God gave Saint Barbara authority to serve communion.
When I speak these words in the U.S., they are often met with bewilderment and even anger, especially in convert-heavy Orthodox circles. Yet, where I come from, and in many other Slavic Orthodox countries, depicting Saint Barbara with a chalice in her hand is standard, as she is widely known for serving communion. Saint Barbara miraculously appears to women and men, to this day, serving communion to those who are dying or who find themselves in life-threatening situations.
I recently noticed versions of this recipe popping up around Instagram. At first, I couldn’t believe anyone would pickle something so delightful on its own as a strawberry. But I was wrong! The acid in the vinegar makes the acidity of the strawberries pop, and the peppercorns added a welcome hint of spice.
These have become my new favorite lunch topping for an open-face goat cheese sandwich with a sprinkle of thyme. You can put them together in the morning, and they’ll be ready in time for lunch. (It’s also not a bad idea to serve smaller versions of those sandwiches as appetizers for a summer party, perhaps drizzled with a little honey.)
St. Ita was once asked by St. Brendan what were the three things which God most detested. She replied: “A scowling face, obstinacy in wrong-doing, and too great a confidence in the power of money.” St. Brendan then asked her what three things God especially loved. She replied, "True faith in God with a pure heart, a simple life with a religious spirit, and open-handedness inspired by charity."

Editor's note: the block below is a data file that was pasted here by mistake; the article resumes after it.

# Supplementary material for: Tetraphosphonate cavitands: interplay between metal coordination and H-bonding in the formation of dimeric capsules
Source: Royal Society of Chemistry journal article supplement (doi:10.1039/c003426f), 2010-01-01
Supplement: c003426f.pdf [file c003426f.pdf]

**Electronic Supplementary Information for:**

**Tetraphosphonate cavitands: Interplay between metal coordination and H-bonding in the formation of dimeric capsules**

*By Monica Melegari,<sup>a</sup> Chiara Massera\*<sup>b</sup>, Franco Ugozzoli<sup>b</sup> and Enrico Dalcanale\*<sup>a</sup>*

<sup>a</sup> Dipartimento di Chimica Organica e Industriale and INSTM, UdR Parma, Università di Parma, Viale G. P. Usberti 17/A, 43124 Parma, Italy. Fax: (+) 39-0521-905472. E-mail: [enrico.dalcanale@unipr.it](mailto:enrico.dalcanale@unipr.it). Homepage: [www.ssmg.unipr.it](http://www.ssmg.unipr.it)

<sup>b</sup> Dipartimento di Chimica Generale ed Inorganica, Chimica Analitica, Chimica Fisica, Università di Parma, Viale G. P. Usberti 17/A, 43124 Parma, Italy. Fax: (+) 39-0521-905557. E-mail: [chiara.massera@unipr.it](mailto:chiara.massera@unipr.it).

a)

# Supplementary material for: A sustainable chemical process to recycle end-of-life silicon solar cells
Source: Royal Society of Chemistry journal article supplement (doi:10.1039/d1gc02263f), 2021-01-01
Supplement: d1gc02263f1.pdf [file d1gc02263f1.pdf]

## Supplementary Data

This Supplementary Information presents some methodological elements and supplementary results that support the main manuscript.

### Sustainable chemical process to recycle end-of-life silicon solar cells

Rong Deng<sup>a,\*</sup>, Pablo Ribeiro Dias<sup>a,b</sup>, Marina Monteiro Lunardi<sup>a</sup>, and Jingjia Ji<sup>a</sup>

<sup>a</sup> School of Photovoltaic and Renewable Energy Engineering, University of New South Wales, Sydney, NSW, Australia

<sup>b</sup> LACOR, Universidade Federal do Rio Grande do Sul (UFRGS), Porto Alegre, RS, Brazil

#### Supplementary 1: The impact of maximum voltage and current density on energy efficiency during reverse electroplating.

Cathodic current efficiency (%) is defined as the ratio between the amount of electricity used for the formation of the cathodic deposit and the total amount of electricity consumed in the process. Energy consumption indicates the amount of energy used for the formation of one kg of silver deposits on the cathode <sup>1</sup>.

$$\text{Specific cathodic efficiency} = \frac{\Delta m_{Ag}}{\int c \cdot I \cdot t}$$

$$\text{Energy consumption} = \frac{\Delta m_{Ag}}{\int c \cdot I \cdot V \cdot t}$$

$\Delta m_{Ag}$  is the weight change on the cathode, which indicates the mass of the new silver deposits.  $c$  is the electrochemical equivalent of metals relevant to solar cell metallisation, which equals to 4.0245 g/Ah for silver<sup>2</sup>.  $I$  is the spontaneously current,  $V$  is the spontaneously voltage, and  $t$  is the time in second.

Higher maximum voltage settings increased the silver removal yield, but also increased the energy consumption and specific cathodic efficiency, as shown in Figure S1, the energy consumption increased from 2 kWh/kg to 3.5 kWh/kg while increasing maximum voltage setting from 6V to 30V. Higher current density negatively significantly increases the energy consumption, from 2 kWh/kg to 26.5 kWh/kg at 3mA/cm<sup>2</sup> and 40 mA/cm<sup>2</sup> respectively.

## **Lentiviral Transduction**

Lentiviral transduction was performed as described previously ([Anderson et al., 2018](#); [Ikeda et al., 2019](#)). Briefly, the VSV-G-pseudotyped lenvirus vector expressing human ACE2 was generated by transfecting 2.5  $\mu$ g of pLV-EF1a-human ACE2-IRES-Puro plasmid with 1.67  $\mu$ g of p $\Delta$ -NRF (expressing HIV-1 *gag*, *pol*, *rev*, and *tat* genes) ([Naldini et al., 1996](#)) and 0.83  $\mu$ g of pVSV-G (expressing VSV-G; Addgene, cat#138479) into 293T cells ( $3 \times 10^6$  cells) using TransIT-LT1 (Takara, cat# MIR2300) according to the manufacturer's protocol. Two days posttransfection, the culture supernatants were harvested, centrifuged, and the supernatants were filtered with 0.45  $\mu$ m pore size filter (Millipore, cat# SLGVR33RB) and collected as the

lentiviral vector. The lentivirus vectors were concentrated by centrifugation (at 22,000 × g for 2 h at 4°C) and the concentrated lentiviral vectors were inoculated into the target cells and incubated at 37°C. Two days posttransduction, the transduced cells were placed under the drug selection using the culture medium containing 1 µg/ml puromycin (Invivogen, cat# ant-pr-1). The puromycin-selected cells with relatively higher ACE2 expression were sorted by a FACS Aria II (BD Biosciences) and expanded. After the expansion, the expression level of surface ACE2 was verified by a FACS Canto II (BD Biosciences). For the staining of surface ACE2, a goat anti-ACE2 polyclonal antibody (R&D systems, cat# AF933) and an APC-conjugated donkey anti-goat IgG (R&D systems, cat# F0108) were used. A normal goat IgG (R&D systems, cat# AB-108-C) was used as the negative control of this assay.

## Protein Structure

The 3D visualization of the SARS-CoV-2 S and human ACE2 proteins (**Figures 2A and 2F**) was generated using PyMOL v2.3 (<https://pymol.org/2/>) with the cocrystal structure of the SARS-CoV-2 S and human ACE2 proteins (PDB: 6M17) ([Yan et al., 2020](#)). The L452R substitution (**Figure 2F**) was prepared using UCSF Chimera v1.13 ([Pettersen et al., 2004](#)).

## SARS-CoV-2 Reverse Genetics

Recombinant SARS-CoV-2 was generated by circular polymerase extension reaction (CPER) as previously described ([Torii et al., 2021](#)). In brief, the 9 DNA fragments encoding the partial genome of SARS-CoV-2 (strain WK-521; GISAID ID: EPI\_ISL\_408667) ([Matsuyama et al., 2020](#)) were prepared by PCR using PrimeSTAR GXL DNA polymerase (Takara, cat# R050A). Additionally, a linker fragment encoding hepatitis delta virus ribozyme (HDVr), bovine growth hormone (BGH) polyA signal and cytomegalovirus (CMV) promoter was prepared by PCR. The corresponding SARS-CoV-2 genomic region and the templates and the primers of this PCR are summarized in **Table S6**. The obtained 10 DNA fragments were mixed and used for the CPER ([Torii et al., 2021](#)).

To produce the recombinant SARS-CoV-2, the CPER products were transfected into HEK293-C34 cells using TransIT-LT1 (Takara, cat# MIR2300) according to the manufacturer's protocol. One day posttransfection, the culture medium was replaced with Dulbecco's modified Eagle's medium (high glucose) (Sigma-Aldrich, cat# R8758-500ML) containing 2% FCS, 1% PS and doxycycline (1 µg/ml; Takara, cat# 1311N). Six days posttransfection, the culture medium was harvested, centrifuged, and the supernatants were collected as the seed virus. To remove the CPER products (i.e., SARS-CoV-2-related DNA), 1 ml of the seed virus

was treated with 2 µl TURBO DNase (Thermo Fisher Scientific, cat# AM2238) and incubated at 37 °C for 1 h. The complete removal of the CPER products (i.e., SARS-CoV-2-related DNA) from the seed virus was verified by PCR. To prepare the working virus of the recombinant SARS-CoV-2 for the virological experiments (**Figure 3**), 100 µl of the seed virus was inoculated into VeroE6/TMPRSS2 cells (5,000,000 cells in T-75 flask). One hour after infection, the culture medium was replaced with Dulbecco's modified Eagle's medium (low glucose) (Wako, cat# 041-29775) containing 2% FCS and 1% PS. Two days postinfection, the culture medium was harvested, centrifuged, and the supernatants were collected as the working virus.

These are the only recorded words we have from a saint who is often called “The Foster-Mother of the Irish Saints,” and who did indeed foster and raise many children, including St. Brendan, in her convent in Killeedy.
In my New Calendarist tradition, last Wednesday was the Feast of Mid-Pentecost, the 25th day after Pascha and before Pentecost. The Pentecost season lasts six weeks. The first three Sundays celebrate Pascha itself–the Resurrection, the Sunday Of St Thomas who confirmed that Jesus himself was the One who died on the cross and came back to them by asking to touch the wounds; and finally, the Sunday of the Myrrhbearers, those courageous women who left home before dawn to tend to Jesus’s body and found an angel who told them the Good News of the Resurrection, and so they were the first to know.
A few months ago, we had a lovely suggestion from a member of our community, Elizabeth Rotoff, who wants to help Orthodox who were either new to fasting or long-time practitioners find healthy ways to work their way through our seasons of restricted eating. Here's a sample of her approach and, if you are interested in learning more, she will be offering a workshop starting this coming Monday. This is an experiment for us--we've never posted a non-Axia offering before as a blog.
As we come to the close of the Paschal season and approach Pentecost, this signals the approach of another fasting period: the Apostles’ Fast.
Periodically, I pick up my copy of the biography of St. Elizabeth the New Martyr, written by Lubov Millar, and re-read certain parts. Photographs, anecdotes from people who knew her, and letters written by Elizabeth all provide a level of detail that is unusual within the genre of Orthodox hagiography. While I love having such an extravagant window into the life of an Orthodox saint, I also have found it interesting that the spiritual process of cultivating communion with a saint, whether modern or ancient, seems to happen apart from the noise of biographical detail.